The States Where You Can Get Jailed for Recording the Cops

May 14, 2014 at 4:15 PM ET

It’s becoming increasingly commonplace to record every part of your life. Not only birthday parties and beautiful sunsets, but also all the events and non-events in between. But as with many modern, tech-driven behaviours, the law hasn’t progressed as fast as the technology, leaving people exposed to arrest for behaviour that seems natural and innocuous to them.

Karen Dziewit, a 24-year-old woman living in Chicopee, Massachusetts, was arrested on Sunday for drunken disorderly conduct when she was caught drinking outside a building. As the police took her away, she revealed that she’d been surreptitiously recording the entire incident on her cellphone. When she was arraigned the next day, she was charged with illegal wiretapping, a felony that could carry a five-year prison sentence.

Dziewit has unwittingly stumbled into murky territory. In Massachusetts, you are allowed to record the police in a public place without their consent if there’s no reasonable expectation of privacy. But when there is a reasonable expectation of privacy, you have to get the other party’s approval. The outcome of Dziewit’s case depends on how the court judges the situation, but it’s possible that she could go to jail.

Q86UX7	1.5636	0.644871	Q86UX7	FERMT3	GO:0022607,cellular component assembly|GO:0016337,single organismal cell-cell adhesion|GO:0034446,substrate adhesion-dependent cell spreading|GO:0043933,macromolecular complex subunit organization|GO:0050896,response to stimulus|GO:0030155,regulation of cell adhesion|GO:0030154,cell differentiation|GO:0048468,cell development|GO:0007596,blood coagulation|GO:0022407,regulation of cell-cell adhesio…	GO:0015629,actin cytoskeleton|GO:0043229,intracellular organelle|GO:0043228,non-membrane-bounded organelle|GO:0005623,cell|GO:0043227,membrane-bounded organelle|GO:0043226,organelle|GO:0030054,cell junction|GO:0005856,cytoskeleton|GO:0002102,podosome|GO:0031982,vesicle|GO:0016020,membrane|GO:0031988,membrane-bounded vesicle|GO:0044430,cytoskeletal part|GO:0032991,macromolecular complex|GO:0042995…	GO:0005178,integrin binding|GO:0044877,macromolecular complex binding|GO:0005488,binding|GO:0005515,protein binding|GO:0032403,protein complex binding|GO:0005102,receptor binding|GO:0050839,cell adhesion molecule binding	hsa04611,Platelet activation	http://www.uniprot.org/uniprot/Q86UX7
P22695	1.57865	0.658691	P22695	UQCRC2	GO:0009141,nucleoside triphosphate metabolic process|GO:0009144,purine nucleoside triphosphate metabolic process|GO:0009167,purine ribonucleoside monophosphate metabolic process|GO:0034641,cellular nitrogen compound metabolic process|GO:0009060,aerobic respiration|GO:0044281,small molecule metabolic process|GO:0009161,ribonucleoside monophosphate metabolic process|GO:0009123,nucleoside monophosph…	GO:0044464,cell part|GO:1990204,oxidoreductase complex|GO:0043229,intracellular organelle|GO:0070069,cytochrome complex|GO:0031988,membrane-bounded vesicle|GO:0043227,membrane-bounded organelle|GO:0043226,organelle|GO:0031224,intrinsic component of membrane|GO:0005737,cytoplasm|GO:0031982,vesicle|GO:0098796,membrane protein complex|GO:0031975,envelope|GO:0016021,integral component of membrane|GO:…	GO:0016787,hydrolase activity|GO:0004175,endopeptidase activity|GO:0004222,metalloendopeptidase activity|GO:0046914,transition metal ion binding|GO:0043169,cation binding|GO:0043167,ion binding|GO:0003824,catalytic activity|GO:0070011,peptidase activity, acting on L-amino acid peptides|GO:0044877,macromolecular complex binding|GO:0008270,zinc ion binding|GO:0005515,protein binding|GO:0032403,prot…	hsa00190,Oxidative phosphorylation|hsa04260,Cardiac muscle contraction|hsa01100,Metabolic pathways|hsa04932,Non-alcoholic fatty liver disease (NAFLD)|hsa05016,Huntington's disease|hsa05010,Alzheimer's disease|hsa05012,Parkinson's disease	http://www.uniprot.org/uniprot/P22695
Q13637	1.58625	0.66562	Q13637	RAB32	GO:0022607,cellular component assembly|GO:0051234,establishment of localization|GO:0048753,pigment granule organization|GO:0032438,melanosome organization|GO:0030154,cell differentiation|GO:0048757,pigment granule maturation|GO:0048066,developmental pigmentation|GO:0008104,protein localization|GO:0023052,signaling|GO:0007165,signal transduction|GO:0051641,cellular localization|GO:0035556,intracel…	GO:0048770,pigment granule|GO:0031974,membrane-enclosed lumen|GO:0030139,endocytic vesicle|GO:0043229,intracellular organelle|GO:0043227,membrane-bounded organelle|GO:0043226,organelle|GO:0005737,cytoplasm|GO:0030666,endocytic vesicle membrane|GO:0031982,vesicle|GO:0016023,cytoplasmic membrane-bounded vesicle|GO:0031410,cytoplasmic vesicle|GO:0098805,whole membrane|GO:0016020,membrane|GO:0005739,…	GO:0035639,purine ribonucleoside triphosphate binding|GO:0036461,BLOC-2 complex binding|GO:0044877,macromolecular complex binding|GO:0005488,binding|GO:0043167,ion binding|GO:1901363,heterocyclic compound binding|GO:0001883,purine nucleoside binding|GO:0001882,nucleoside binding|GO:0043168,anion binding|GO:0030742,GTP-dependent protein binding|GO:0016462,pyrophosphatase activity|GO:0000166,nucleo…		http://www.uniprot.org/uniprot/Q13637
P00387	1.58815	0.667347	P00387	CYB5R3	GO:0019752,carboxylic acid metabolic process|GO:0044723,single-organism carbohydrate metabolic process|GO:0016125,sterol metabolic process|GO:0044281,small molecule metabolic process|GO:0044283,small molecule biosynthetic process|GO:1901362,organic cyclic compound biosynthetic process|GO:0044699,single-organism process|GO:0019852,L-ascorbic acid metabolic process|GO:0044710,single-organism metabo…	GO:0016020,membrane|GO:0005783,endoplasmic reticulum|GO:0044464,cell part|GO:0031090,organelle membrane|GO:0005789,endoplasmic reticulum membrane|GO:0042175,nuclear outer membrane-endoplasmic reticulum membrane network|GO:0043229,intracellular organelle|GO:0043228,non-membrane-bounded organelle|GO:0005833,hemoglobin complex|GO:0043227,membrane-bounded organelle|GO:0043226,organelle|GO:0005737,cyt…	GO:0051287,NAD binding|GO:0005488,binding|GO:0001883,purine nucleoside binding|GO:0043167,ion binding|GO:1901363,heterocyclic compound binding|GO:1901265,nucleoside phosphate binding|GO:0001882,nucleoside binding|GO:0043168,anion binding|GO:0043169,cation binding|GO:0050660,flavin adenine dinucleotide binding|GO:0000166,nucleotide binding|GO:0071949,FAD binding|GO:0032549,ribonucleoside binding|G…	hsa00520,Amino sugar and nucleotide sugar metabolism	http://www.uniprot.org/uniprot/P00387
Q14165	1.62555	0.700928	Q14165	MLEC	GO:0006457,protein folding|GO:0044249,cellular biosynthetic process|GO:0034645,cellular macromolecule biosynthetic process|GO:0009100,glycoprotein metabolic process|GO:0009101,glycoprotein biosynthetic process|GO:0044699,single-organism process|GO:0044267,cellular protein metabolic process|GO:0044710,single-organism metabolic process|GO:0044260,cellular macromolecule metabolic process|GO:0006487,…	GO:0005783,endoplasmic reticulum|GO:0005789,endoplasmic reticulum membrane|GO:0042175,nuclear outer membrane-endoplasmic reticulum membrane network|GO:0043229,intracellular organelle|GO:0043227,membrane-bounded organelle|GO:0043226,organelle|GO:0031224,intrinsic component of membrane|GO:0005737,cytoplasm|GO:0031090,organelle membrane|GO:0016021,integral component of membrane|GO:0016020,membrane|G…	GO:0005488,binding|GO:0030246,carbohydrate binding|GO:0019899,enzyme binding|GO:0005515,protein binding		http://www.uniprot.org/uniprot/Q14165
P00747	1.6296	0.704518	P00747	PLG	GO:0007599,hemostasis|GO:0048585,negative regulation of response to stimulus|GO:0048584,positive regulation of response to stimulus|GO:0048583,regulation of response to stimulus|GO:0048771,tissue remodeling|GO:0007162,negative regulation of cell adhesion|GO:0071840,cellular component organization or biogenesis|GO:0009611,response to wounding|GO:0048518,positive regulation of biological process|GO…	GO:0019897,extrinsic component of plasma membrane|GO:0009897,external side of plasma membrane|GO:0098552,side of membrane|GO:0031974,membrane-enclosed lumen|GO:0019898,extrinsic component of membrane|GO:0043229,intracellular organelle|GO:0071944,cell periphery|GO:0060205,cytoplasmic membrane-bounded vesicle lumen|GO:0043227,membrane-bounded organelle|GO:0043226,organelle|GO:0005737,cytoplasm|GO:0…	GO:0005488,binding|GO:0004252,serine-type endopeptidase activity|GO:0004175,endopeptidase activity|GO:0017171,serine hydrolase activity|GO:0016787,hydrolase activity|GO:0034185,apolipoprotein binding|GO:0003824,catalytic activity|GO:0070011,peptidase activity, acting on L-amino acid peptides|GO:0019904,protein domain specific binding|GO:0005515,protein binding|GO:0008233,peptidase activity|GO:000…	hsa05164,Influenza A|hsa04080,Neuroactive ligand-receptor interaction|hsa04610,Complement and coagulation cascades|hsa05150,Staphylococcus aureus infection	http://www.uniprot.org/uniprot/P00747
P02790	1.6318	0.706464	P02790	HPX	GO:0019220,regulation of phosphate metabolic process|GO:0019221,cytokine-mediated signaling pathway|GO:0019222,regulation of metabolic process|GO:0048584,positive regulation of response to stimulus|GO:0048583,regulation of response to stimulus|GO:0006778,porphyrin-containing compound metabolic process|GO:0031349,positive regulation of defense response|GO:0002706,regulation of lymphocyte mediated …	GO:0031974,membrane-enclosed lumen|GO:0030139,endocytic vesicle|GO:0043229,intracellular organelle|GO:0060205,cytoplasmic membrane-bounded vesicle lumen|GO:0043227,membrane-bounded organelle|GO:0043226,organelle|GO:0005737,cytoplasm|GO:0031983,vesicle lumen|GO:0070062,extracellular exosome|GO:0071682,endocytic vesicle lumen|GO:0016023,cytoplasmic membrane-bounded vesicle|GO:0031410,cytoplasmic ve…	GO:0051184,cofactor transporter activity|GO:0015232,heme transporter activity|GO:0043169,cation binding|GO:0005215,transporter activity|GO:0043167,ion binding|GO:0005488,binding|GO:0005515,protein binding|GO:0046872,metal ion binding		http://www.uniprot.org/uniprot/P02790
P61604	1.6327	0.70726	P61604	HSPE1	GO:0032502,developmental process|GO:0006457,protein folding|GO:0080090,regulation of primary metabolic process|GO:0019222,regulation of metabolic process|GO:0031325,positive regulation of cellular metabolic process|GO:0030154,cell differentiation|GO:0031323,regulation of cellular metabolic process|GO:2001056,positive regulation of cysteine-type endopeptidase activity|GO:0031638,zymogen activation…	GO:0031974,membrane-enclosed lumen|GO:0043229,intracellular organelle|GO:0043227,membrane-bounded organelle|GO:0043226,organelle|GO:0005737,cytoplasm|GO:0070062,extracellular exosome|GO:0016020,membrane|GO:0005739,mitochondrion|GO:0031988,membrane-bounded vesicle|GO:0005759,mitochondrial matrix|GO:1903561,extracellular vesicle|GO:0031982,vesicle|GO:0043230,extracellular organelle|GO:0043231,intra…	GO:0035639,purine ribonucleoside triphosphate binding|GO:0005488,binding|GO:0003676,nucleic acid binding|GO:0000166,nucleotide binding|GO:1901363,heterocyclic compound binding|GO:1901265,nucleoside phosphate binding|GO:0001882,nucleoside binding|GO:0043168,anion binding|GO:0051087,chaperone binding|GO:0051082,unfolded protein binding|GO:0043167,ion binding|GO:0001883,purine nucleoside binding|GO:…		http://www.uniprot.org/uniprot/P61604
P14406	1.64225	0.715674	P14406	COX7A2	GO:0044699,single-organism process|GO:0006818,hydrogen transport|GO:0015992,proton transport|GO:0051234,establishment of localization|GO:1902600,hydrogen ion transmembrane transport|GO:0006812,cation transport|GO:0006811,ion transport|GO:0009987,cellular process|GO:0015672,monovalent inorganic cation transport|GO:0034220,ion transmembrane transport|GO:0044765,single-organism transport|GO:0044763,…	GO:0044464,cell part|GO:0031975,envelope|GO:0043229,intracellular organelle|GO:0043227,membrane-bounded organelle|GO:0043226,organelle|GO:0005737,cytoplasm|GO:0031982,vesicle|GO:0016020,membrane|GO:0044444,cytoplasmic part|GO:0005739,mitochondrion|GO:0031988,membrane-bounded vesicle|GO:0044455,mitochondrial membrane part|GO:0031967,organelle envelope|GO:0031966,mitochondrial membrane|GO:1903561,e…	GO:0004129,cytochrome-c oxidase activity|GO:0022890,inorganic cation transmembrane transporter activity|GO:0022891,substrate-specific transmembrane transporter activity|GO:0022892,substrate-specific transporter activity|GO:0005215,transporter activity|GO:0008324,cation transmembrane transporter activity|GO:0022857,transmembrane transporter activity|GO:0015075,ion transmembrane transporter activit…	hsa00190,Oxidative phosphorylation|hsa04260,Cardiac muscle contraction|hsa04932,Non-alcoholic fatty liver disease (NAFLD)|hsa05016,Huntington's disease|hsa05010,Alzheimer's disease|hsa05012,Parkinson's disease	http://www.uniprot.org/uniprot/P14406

Sarah Wunsch, an attorney for the ACLU in Massachusetts, believes Dziewit was within her rights. “Police carrying out their duties in public have no claim to privacy,” she says. “The fact that her phone was hidden shouldn’t disqualify the First Amendment.”

But Massachusetts isn’t alone. You can also be jailed in California, Connecticut, Florida, Maryland, Montana, New Hampshire, Pennsylvania, Washington and Hawaii for recording a conversation if the person being recorded hasn’t also signed off on the idea. V. Stiviano, who clandestinely recorded Los Angeles Clippers owner Donald Sterling in California, might be an exception to the rule—according to her, she was his archivist(In the other 40 states, technically, you can record conversations and telephone calls at will.) A special needs child was charged with felony wiretapping in Pennsylvania this year for recording the children, for example.

If only Dziewit had been born one state over, in Vermont—then her only worry would have been the walk of shame the following morning. As it is, what she recorded could land her with a record.